The good life is a process, not a state of being. It is a direction not a destination

(Carl Rogers, 1961, pp. 186–187).

In recent years, there has been increased interest in research surrounding the good life and eudaemonia, a term often used to signify what people want most in life (Flanagan, 2007). This is a departure from the scope of traditional psychological concerns that are generally focused on solving psychological distress. As Park and Peterson (2009) suggest, “psychology knows more about people's problems and how to solve them than it does about what it means to live well and how to encourage and maintain such a life” (p. 422). Psychology may struggle in defining the good life but, with Rogers’ suggestion, the field can still examine and measure the nature and outcomes of the process itself. Under the Rogerian definition, the good life is the struggle towards coherence between where one is and where they could be; the “process of becoming” that comes about through a greater sense of autonomy and volition (Rogers, 1961, p. 195). In a similar but distinct line of thought, Aristotle suggests that the good life is an ultimate goal that articulates one’s personal values and self-beliefs into a concrete vision or destination (Kraut, 2018). In either conception, the good life acts as an indicator of direction, something to strive towards. The present study will investigate the correlates and outcomes of this process of perceived coherence. Namely, does perceiving oneself as living coherently in terms of one’s own philosophy of the good life relate to greater volition when pursuing personal goals, greater goal progress, and higher subjective well-being?

Examining Personal Philosophies of the Good Life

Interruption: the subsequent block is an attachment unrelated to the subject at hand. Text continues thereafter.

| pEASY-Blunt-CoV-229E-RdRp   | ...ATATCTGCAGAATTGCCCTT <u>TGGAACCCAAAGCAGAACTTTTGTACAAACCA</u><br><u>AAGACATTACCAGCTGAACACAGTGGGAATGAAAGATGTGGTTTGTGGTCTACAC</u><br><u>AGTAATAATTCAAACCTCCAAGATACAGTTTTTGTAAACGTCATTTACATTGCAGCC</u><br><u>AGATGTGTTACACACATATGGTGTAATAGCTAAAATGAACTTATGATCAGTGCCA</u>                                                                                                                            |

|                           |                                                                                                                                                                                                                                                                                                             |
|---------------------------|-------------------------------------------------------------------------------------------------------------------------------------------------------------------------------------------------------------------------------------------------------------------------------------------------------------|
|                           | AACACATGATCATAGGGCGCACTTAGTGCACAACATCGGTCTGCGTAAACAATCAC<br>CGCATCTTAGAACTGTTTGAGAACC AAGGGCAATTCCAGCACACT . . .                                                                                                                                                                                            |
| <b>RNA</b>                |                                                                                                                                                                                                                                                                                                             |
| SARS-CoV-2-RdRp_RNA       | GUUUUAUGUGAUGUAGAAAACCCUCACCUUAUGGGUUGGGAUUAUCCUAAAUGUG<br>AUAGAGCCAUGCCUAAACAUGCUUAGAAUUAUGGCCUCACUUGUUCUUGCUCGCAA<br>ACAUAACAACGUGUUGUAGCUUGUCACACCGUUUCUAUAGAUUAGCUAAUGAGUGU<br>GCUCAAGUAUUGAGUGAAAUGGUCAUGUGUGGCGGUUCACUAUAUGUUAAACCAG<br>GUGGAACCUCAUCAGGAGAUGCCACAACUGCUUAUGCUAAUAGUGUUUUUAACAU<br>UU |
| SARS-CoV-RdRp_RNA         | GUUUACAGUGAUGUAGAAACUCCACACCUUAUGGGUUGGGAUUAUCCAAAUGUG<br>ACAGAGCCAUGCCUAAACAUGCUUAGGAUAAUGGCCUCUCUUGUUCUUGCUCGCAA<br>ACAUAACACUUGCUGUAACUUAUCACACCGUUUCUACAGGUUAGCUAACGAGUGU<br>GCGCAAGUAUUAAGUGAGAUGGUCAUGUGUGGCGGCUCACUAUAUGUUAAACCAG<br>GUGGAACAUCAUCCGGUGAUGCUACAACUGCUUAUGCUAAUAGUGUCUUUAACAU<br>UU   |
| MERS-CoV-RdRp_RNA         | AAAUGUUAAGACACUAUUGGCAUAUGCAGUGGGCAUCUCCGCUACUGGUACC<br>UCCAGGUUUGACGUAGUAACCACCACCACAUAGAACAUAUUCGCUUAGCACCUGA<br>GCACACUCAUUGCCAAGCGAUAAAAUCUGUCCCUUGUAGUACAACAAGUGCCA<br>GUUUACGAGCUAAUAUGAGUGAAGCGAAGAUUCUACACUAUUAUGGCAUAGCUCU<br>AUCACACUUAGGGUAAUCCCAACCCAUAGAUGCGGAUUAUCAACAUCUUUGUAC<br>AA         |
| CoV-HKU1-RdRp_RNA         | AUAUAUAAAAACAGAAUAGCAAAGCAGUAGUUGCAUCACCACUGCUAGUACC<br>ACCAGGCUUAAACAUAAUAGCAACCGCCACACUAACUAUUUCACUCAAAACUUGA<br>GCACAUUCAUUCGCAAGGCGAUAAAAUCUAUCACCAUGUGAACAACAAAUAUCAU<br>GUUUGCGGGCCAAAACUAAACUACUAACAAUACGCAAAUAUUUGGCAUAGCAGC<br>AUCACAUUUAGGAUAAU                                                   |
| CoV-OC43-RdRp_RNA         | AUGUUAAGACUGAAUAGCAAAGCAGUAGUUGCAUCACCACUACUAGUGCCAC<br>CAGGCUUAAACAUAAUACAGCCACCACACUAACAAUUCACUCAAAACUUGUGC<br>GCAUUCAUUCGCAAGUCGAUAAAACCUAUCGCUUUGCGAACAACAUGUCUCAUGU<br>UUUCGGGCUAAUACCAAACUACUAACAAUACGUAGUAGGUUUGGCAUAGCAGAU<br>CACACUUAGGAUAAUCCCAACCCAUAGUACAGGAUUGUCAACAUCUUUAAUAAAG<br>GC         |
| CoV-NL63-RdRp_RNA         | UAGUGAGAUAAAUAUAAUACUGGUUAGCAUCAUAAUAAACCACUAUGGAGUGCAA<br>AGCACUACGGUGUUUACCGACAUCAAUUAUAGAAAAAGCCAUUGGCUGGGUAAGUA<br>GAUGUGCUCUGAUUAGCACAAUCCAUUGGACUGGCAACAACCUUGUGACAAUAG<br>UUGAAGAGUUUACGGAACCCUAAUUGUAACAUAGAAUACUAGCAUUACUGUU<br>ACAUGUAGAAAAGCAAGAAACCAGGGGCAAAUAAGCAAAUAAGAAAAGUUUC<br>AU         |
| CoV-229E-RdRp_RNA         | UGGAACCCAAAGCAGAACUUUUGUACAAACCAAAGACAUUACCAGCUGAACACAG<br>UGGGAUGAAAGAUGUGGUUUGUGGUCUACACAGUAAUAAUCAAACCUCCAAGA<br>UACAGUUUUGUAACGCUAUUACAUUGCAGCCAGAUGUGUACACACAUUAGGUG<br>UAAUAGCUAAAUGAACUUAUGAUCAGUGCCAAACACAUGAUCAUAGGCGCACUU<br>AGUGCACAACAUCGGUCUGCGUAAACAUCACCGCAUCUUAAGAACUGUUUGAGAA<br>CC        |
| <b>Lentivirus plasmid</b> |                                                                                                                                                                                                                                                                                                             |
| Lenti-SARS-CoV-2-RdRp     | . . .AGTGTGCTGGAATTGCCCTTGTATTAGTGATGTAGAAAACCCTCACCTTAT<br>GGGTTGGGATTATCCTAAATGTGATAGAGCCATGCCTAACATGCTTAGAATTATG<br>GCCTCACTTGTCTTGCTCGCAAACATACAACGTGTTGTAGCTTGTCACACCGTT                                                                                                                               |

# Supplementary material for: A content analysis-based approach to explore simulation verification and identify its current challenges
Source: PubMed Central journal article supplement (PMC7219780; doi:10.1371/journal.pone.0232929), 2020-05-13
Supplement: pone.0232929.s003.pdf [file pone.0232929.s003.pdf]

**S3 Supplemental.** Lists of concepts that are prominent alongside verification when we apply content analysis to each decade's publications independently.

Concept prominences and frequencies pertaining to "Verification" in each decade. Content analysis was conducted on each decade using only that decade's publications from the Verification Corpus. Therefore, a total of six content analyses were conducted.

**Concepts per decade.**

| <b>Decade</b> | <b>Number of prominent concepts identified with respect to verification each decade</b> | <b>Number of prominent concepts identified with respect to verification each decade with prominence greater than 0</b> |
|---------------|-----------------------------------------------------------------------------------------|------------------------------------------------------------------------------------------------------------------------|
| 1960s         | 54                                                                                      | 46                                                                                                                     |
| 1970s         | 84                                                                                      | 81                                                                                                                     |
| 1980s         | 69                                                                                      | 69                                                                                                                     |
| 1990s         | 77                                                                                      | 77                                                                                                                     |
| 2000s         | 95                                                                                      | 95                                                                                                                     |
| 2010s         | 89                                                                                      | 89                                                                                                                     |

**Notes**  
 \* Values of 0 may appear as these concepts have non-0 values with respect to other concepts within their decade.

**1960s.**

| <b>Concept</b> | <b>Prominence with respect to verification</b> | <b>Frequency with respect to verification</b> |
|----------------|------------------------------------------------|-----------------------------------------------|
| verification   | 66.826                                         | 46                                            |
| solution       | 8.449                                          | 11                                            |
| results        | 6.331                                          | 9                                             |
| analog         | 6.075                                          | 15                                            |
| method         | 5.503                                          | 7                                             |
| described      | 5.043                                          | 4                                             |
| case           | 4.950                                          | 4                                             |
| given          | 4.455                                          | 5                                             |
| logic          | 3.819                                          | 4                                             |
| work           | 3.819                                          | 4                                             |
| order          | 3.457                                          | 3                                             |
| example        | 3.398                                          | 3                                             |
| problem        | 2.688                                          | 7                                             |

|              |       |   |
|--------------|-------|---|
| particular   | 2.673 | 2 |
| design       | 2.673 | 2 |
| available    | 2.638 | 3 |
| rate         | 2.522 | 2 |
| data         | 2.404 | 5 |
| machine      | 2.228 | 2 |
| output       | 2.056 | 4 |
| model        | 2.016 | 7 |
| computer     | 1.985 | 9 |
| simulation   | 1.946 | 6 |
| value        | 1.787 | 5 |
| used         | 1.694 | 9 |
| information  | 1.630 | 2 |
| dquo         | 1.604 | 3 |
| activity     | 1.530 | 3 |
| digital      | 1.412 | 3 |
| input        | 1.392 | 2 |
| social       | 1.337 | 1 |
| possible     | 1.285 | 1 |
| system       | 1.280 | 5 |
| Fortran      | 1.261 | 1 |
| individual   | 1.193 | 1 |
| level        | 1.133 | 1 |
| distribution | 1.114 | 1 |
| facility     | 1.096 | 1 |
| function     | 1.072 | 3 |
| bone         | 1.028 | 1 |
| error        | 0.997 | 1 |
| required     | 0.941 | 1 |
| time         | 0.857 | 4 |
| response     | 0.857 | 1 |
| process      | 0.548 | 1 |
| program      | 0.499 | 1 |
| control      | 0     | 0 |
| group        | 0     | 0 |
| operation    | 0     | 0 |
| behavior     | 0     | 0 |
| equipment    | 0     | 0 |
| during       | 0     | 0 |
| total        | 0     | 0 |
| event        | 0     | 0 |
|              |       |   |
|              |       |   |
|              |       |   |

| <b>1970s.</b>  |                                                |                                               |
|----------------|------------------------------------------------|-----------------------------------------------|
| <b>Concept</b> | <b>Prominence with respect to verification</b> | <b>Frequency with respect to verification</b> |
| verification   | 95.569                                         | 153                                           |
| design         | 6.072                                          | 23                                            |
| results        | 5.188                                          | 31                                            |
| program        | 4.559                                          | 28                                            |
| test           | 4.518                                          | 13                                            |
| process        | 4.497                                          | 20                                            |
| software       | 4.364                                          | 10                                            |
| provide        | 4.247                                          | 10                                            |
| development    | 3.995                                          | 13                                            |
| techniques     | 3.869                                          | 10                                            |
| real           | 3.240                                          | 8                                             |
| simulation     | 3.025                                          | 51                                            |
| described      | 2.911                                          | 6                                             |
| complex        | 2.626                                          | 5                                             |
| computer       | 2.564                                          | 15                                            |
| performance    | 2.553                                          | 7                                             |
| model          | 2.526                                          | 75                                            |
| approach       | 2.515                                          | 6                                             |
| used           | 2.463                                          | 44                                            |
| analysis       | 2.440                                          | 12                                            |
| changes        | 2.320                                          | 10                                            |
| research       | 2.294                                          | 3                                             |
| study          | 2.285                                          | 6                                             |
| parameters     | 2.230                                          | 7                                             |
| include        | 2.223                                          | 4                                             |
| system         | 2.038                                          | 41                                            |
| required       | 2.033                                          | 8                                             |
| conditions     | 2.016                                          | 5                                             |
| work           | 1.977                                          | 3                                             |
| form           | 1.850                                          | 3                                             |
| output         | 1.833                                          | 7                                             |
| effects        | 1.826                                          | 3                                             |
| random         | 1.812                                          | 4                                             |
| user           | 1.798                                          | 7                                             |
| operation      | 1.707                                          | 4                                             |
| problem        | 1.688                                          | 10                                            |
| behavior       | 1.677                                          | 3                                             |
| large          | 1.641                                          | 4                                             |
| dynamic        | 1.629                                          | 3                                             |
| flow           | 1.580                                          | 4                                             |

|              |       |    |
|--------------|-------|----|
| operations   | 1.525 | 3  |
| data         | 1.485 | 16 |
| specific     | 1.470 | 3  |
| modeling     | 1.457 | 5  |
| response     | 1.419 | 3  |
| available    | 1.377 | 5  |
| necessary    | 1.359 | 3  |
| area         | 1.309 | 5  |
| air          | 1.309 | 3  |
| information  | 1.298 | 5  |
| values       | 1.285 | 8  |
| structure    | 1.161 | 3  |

Although considerable research has examined what makes a good life (Baumeister et al., 2013; Ryan et al., 2006; Wong, 2011), few studies have measured personal philosophies of the good life and the process of following them. This inquiry is suggested by Laura King, who proposes that asking individuals about their philosophies of life could prove to be a promising future direction in motivational literature (King, 2001, p. 805). The question remains as to whether or not personal philosophies and abstract beliefs (e.g., “world peace”, “justice”, “truth”), when reflected and experienced through current functioning, are associated with psychological health and well-being.

We propose that personal philosophies of the good life reflect personally significant beliefs and values. In The Nicomachean Ethics, Aristotle claims that no individual attempts to lead a good life in order to fulfill some further goal (Kraut, 2018). Instead, other goals serve as subordinate strivings when compared to the goal of living well. In this sense, we can consider the good life as the ultimate goal; as a projected future vision that articulates the integration of our values and motives. This idea is evident in McAdams (2018, p. 213) reflections on the good life: “moral values articulate visions for what a good life might be…These imagined end states may be projected into the future, like goals”.